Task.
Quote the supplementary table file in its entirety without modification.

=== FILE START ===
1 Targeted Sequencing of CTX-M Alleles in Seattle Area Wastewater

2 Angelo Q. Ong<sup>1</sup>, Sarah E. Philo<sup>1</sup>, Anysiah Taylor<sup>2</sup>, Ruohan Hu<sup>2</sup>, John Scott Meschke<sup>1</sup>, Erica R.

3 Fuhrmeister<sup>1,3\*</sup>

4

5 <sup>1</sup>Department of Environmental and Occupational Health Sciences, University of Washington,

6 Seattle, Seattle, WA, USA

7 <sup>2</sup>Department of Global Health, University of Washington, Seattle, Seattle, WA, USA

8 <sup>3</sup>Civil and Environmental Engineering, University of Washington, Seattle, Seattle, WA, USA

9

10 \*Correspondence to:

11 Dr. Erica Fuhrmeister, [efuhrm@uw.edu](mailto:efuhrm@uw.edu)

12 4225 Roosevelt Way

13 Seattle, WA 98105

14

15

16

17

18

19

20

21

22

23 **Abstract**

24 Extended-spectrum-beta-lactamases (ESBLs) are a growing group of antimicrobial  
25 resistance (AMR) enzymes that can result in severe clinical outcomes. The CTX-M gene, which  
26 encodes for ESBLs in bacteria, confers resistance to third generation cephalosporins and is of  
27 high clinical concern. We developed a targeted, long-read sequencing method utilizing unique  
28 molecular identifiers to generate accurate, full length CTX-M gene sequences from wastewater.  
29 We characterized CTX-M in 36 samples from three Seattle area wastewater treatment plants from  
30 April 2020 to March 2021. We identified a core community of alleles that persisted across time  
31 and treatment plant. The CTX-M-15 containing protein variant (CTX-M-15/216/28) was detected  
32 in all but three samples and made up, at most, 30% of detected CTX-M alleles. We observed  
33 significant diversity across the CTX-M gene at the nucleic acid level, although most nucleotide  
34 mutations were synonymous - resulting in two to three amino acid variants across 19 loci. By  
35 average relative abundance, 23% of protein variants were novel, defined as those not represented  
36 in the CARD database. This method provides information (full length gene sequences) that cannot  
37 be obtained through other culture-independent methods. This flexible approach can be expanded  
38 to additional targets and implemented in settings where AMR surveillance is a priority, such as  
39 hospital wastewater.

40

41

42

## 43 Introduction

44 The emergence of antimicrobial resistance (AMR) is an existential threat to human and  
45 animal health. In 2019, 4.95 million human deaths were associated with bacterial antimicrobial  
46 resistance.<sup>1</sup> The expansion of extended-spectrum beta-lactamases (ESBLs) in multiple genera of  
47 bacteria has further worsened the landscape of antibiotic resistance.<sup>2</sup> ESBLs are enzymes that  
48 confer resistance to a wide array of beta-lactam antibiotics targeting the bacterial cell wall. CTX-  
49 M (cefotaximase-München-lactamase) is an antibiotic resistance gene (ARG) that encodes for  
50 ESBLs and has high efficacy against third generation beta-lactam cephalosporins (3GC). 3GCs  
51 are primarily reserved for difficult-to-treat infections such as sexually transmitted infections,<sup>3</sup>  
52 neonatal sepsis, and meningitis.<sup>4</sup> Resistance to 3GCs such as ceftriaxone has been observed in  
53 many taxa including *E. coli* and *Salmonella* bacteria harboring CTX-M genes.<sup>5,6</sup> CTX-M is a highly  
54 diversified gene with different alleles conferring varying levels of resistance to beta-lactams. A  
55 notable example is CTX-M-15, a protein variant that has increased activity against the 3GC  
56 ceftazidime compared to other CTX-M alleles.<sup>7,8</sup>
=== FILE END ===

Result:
1 Targeted Sequencing of CTX-M Alleles in Seattle Area Wastewater

2 Angelo Q. Ong<sup>1</sup>, Sarah E. Philo<sup>1</sup>, Anysiah Taylor<sup>2</sup>, Ruohan Hu<sup>2</sup>, John Scott Meschke<sup>1</sup>, Erica R.

3 Fuhrmeister<sup>1,3\*</sup>

4

5 <sup>1</sup>Department of Environmental and Occupational Health Sciences, University of Washington,

6 Seattle, Seattle, WA, USA

7 <sup>2</sup>Department of Global Health, University of Washington, Seattle, Seattle, WA, USA

8 <sup>3</sup>Civil and Environmental Engineering, University of Washington, Seattle, Seattle, WA, USA

9

10 \*Correspondence to:

11 Dr. Erica Fuhrmeister, [efuhrm@uw.edu](mailto:efuhrm@uw.edu)

12 4225 Roosevelt Way

13 Seattle, WA 98105

14

15

16

17

18

19

20

21

22

23 **Abstract**

24 Extended-spectrum-beta-lactamases (ESBLs) are a growing group of antimicrobial  
25 resistance (AMR) enzymes that can result in severe clinical outcomes. The CTX-M gene, which  
26 encodes for ESBLs in bacteria, confers resistance to third generation cephalosporins and is of  
27 high clinical concern. We developed a targeted, long-read sequencing method utilizing unique  
28 molecular identifiers to generate accurate, full length CTX-M gene sequences from wastewater.  
29 We characterized CTX-M in 36 samples from three Seattle area wastewater treatment plants from  
30 April 2020 to March 2021. We identified a core community of alleles that persisted across time  
31 and treatment plant. The CTX-M-15 containing protein variant (CTX-M-15/216/28) was detected  
32 in all but three samples and made up, at most, 30% of detected CTX-M alleles. We observed  
33 significant diversity across the CTX-M gene at the nucleic acid level, although most nucleotide  
34 mutations were synonymous - resulting in two to three amino acid variants across 19 loci. By  
35 average relative abundance, 23% of protein variants were novel, defined as those not represented  
36 in the CARD database. This method provides information (full length gene sequences) that cannot  
37 be obtained through other culture-independent methods. This flexible approach can be expanded  
38 to additional targets and implemented in settings where AMR surveillance is a priority, such as  
39 hospital wastewater.

40

41

42

## 43 Introduction

44 The emergence of antimicrobial resistance (AMR) is an existential threat to human and  
45 animal health. In 2019, 4.95 million human deaths were associated with bacterial antimicrobial  
46 resistance.<sup>1</sup> The expansion of extended-spectrum beta-lactamases (ESBLs) in multiple genera of  
47 bacteria has further worsened the landscape of antibiotic resistance.<sup>2</sup> ESBLs are enzymes that  
48 confer resistance to a wide array of beta-lactam antibiotics targeting the bacterial cell wall. CTX-  
49 M (cefotaximase-München-lactamase) is an antibiotic resistance gene (ARG) that encodes for  
50 ESBLs and has high efficacy against third generation beta-lactam cephalosporins (3GC). 3GCs  
51 are primarily reserved for difficult-to-treat infections such as sexually transmitted infections,<sup>3</sup>  
52 neonatal sepsis, and meningitis.<sup>4</sup> Resistance to 3GCs such as ceftriaxone has been observed in  
53 many taxa including *E. coli* and *Salmonella* bacteria harboring CTX-M genes.<sup>5,6</sup> CTX-M is a highly  
54 diversified gene with different alleles conferring varying levels of resistance to beta-lactams. A  
55 notable example is CTX-M-15, a protein variant that has increased activity against the 3GC  
56 ceftazidime compared to other CTX-M alleles.<sup>7,8</sup>